The program is largely funded by workers, who will pay a premium of 0.4 percent of their wages each paycheck into a state-run insurance fund. This would cost a minimum-wage worker about 3 cents an hour, according to the bill’s sponsor.

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Government reports stronger than expected job gains in June. April and May gains revised upward

The Bureau of Labor Statistics’ reported Friday morning that the seasonally adjusted net gain was 187,000 private-sector jobs in June, with 35,000 added in the public sector, for a total of 222,000. The consensus of experts in Bloomberg’s survey of experts conducted earlier in the week had forecast a gain of 170,000 new jobs. It was the best advance since February. 

The bureau also revised its previous reports of job gains for May from 138,000 to 152,000, and for April from 174,000 to 207,000.  

June marked the 81st consecutive month of overall job growth. A separate survey placed the headline unemployment rate—which the bureau labels U3—at 4.4 percent, an historically low rate. The last time the unemployment rate was at this level was 10 years ago, in May 2007. The lowest the rate has been in the past quarter-century was 3.8 percent in April 2000.

So, once again, the Trump

Continue reading “Government reports stronger than expected job gains in June. April and May gains revised upward”

Government reports stronger than expected job gains in June. April and May gains revised upward

The Bureau of Labor Statistics’ reported Friday morning that the seasonally adjusted net gain was 187,000 private-sector jobs in June, with 35,000 added in the public sector, for a total of 222,000. The consensus of experts in Bloomberg’s survey of experts conducted earlier in the week had forecast a gain of 170,000 new jobs. It was the best advance since February. 

The bureau also revised its previous reports of job gains for May from 138,000 to 152,000, and for April from 174,000 to 207,000.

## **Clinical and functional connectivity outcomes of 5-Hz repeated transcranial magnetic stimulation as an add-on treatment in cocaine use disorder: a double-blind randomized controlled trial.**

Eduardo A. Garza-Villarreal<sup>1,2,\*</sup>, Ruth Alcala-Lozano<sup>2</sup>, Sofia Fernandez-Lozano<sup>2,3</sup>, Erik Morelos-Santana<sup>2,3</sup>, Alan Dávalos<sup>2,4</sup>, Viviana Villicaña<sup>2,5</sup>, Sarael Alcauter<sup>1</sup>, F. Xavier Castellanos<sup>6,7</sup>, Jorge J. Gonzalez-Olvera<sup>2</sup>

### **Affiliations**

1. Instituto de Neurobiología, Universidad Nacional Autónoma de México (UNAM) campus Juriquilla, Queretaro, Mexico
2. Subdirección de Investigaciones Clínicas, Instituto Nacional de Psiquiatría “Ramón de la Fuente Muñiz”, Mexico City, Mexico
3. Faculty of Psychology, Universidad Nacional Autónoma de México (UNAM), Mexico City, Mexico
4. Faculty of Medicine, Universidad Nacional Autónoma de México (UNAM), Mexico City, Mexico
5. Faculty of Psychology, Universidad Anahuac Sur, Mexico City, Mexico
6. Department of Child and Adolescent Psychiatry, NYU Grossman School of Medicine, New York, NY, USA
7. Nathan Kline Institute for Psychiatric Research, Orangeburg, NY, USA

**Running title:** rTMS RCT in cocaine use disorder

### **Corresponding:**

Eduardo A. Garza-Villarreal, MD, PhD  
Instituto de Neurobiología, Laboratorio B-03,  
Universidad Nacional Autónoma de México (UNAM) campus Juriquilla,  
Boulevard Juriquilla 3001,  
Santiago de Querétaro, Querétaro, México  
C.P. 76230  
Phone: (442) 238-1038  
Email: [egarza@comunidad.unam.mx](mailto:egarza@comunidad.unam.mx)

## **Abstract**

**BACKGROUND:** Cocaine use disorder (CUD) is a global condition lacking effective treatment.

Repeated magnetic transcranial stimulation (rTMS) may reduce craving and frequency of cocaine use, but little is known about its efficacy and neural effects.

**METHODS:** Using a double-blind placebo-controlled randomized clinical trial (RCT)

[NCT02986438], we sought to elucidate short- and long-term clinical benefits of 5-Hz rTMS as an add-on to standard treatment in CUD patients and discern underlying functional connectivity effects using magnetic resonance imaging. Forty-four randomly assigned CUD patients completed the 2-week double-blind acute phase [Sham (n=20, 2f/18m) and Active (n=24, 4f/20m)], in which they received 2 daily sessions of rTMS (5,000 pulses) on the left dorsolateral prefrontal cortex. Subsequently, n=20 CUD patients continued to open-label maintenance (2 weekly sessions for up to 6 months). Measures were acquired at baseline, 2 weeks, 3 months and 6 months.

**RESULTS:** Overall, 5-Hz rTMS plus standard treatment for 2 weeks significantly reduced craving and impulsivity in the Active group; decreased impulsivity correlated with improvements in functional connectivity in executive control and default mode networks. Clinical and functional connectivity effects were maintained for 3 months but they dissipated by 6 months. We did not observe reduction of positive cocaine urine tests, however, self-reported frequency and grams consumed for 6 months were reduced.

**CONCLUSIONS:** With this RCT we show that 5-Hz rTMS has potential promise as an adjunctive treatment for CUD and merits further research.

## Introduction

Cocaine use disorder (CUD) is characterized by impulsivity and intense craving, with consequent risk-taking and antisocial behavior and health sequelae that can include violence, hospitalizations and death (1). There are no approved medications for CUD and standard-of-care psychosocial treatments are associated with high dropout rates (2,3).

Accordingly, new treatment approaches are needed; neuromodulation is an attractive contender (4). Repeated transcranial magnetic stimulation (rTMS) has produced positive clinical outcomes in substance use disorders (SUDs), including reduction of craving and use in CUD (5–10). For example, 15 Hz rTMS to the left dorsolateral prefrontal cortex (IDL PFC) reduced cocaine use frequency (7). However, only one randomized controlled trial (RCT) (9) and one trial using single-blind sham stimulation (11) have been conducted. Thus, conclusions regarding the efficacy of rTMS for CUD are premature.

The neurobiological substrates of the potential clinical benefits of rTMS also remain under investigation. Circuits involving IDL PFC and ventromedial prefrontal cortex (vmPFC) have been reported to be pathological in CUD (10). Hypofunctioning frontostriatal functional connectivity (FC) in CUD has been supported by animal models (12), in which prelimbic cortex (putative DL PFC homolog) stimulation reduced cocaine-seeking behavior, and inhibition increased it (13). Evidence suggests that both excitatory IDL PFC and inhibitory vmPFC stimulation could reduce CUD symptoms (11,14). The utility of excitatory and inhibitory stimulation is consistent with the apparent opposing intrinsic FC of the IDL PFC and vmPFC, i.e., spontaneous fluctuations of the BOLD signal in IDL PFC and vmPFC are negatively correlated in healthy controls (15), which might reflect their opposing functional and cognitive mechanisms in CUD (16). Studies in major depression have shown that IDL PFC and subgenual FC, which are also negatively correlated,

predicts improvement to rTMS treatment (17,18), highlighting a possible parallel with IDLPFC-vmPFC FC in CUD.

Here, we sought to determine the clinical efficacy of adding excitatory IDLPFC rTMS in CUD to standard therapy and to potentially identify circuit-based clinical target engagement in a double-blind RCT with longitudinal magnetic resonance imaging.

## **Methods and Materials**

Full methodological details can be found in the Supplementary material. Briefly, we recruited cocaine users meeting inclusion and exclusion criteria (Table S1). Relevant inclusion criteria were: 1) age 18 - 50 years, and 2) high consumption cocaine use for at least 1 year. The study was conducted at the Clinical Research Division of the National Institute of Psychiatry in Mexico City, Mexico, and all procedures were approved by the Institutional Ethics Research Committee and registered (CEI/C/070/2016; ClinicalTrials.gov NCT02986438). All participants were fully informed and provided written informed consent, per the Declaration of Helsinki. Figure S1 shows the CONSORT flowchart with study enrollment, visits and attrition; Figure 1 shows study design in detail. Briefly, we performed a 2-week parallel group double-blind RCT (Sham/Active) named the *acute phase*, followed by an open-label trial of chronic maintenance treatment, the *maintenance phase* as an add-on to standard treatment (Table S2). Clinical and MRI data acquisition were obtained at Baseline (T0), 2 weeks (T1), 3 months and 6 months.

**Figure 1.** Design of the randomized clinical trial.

June marked the 81st consecutive month of overall job growth. A separate survey placed the headline unemployment rate—which the bureau labels U3—at 4.4 percent, an historically low rate. The last time the unemployment rate was at this level was 10 years ago, in May 2007. The lowest the rate has been in the past quarter-century was 3.8 percent in April 2000.

So, once again, the Trump

Continue reading “Government reports stronger than expected job gains in June. April and May gains revised upward”

Government reports stronger than expected job gains in June. April and May gains revised upward

The Bureau of Labor Statistics’ reported Friday morning that the seasonally adjusted net gain was 187,000 private-sector jobs in June, with 35,000 added in the public sector, for a total of 222,000. The consensus of experts in Bloomberg’s survey of experts conducted earlier in the week had forecast a gain of 170,000 new jobs. It was the best advance since February. 

The bureau also revised its previous reports of job gains for May from 138,000 to 152,000, and for April from 174,000 to 207,000.  

June marked the 81st consecutive month of overall job growth. A separate survey placed the headline unemployment rate—which the bureau labels U3—at 4.4 percent, an historically low rate. The last time the unemployment rate was at this level was 10 years ago, in May 2007. The lowest the rate has been in the past quarter-century was 3.8 percent in April 2000.

So, once again, the Trump